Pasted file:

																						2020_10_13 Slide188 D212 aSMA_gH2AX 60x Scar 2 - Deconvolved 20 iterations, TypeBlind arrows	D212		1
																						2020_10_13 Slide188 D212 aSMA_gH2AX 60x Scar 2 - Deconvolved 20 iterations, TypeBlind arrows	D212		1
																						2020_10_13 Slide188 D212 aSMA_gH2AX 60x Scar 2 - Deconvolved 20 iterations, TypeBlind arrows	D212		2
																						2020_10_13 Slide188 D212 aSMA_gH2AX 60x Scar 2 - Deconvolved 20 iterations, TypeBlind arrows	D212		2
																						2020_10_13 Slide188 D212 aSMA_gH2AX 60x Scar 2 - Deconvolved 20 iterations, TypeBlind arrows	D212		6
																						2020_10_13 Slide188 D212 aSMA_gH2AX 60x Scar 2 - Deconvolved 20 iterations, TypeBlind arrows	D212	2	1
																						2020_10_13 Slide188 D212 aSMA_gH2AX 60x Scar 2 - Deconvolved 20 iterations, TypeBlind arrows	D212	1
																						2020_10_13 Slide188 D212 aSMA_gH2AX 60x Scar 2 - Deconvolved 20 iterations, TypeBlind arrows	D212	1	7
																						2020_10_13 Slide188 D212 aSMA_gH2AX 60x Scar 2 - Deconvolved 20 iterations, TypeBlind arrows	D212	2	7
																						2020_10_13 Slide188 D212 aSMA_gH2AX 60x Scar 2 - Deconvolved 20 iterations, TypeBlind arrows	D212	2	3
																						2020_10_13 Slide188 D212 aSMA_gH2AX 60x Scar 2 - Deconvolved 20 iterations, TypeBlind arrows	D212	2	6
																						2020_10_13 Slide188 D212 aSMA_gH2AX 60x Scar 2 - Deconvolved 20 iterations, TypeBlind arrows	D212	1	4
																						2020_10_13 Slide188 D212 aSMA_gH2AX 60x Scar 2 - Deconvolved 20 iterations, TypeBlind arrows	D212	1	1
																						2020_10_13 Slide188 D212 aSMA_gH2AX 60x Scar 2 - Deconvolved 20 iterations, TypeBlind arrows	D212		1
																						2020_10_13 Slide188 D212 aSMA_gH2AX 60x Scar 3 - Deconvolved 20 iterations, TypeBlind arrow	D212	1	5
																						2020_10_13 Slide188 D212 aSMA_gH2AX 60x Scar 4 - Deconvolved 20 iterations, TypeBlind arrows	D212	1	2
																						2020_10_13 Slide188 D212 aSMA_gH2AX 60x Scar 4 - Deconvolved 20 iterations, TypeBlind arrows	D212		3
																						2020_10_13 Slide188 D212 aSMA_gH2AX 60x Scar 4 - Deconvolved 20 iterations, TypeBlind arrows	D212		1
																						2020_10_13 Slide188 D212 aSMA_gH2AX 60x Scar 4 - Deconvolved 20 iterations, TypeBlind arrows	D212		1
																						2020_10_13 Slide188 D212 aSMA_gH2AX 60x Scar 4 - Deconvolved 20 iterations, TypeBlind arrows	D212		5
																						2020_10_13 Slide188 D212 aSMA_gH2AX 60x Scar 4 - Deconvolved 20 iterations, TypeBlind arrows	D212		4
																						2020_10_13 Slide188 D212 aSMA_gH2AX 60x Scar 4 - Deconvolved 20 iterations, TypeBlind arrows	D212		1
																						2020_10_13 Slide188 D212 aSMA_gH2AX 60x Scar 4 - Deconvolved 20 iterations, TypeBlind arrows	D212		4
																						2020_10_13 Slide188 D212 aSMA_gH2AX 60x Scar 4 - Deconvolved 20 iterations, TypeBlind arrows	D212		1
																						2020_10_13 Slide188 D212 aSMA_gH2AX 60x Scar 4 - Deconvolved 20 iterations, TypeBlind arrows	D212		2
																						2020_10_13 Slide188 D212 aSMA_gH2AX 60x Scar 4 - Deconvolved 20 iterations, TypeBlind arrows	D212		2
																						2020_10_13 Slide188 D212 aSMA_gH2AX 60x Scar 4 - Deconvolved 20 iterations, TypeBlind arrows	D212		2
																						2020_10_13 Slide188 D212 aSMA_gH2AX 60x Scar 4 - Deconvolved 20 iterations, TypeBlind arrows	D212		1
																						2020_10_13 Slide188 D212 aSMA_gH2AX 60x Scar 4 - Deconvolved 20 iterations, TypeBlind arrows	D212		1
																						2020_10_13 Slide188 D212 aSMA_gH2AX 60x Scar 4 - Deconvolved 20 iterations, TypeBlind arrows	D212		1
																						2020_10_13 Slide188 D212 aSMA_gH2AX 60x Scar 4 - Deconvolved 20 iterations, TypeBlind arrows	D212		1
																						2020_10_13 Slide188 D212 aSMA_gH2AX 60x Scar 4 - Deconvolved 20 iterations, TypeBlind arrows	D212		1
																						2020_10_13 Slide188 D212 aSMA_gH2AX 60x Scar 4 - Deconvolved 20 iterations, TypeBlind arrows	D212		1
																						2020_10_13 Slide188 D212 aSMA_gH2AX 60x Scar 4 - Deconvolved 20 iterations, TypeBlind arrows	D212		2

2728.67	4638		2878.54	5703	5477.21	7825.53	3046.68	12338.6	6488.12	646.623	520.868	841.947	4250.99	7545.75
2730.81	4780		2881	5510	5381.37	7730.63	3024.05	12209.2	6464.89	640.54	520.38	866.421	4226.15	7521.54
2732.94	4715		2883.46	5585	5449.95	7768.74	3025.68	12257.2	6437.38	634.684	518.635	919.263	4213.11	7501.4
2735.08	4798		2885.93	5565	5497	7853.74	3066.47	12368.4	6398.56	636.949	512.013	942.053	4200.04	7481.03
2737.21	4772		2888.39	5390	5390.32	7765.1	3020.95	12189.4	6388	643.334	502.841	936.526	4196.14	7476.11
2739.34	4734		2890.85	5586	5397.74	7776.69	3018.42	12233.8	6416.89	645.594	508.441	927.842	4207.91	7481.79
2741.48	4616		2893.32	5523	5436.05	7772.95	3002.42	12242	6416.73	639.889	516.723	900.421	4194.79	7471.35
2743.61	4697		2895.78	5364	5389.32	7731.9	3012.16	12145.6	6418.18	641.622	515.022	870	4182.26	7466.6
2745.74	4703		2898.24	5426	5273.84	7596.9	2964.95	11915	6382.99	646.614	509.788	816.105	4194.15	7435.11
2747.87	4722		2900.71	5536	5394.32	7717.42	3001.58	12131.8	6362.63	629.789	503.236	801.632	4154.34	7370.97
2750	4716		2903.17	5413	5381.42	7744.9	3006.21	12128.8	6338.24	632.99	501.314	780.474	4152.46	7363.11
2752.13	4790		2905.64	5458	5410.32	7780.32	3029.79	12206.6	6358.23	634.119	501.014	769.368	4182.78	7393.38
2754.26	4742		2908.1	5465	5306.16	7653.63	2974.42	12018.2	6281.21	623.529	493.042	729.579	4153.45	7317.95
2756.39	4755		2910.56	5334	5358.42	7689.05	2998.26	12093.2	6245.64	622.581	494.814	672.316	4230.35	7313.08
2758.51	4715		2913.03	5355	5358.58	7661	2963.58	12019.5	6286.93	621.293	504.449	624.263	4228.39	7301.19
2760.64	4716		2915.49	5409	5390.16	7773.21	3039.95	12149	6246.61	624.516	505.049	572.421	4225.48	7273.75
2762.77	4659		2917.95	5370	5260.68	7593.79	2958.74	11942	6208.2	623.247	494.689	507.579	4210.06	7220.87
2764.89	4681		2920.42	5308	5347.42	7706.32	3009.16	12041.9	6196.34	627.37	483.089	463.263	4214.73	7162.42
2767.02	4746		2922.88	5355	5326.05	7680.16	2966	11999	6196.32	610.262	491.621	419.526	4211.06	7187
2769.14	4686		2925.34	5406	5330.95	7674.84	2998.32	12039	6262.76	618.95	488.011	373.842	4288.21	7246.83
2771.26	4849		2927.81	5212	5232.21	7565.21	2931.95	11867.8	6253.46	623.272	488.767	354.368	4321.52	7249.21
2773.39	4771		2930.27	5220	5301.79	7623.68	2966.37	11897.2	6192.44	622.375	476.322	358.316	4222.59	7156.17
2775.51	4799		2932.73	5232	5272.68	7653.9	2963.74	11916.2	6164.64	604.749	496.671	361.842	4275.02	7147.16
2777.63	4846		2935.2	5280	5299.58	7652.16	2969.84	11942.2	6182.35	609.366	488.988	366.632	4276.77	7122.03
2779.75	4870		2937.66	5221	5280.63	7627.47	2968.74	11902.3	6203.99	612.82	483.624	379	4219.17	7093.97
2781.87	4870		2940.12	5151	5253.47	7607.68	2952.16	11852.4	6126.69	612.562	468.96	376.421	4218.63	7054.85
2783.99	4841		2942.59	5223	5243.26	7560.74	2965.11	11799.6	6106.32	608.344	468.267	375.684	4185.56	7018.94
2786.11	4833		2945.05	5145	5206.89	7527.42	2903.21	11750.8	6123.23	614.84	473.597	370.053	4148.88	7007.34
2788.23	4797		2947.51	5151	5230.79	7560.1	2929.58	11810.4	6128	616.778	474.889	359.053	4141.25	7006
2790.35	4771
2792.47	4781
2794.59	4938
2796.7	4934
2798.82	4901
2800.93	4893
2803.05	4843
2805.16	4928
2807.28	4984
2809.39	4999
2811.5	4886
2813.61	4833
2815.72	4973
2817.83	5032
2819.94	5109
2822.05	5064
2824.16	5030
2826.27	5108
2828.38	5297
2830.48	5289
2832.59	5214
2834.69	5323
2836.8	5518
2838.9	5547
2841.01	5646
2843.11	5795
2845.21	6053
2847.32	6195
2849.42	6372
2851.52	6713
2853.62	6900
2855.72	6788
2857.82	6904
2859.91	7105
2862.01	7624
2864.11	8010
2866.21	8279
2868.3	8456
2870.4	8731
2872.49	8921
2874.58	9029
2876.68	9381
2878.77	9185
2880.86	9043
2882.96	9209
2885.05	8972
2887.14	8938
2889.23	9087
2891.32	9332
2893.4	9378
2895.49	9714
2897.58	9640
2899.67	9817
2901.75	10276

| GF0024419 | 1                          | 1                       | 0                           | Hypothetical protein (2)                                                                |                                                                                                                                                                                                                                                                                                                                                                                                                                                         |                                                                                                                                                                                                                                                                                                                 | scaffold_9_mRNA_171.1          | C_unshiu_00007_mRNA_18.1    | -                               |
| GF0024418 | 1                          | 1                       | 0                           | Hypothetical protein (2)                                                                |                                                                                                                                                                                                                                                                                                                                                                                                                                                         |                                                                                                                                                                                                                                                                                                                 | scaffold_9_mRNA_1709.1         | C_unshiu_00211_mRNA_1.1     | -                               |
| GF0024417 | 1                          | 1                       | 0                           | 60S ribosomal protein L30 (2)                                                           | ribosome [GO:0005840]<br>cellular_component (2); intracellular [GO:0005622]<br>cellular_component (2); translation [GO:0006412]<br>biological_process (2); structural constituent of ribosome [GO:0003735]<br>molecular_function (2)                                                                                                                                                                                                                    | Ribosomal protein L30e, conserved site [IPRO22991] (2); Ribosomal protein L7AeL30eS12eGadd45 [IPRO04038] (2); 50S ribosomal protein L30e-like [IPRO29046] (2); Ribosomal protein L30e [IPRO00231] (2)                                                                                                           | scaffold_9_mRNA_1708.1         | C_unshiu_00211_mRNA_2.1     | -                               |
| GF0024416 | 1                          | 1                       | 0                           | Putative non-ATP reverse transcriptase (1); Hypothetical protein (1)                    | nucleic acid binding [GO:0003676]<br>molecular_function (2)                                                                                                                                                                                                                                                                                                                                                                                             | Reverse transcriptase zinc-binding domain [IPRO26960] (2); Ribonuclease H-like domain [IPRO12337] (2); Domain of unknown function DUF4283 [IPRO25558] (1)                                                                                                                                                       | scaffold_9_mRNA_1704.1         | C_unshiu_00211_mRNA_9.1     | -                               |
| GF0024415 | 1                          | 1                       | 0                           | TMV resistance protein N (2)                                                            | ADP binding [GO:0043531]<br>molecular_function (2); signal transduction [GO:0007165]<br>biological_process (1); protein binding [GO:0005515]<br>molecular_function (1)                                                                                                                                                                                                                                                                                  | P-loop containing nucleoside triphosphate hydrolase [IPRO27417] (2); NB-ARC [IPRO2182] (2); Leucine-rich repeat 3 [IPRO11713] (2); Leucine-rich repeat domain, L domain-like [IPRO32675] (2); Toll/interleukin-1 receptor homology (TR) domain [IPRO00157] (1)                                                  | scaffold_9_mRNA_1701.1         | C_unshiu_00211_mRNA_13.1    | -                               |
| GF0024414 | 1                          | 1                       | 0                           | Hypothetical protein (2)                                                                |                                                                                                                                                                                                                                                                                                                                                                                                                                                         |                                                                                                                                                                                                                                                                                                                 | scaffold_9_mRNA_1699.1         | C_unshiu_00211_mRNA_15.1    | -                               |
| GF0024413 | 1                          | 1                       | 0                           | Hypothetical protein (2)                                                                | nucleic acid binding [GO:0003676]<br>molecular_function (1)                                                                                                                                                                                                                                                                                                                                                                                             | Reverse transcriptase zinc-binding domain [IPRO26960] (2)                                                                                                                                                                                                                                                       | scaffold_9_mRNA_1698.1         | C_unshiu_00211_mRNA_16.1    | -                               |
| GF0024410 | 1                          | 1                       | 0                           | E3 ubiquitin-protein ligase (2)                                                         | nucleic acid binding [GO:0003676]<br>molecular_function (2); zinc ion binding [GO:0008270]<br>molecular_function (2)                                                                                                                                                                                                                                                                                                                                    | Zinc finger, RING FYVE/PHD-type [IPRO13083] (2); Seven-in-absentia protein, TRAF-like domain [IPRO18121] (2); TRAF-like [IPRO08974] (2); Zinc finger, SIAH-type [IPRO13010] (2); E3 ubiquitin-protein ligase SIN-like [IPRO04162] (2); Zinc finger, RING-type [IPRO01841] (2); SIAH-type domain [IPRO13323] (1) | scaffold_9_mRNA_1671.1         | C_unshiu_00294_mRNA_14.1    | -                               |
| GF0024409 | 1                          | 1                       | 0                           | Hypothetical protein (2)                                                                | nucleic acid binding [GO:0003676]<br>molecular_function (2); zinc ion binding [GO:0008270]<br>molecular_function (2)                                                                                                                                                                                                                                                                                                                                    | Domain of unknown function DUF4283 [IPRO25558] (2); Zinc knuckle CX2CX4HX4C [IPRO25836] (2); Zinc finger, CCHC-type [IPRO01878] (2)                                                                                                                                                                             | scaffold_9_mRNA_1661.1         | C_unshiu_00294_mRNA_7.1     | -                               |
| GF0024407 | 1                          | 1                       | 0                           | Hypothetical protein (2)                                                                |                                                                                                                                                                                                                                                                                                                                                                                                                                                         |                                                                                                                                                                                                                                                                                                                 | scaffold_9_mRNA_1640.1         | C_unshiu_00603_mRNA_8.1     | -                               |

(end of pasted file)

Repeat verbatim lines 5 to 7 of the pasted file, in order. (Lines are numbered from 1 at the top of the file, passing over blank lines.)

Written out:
																						2020_10_13 Slide188 D212 aSMA_gH2AX 60x Scar 2 - Deconvolved 20 iterations, TypeBlind arrows	D212		6
																						2020_10_13 Slide188 D212 aSMA_gH2AX 60x Scar 2 - Deconvolved 20 iterations, TypeBlind arrows	D212	2	1
																						2020_10_13 Slide188 D212 aSMA_gH2AX 60x Scar 2 - Deconvolved 20 iterations, TypeBlind arrows	D212	1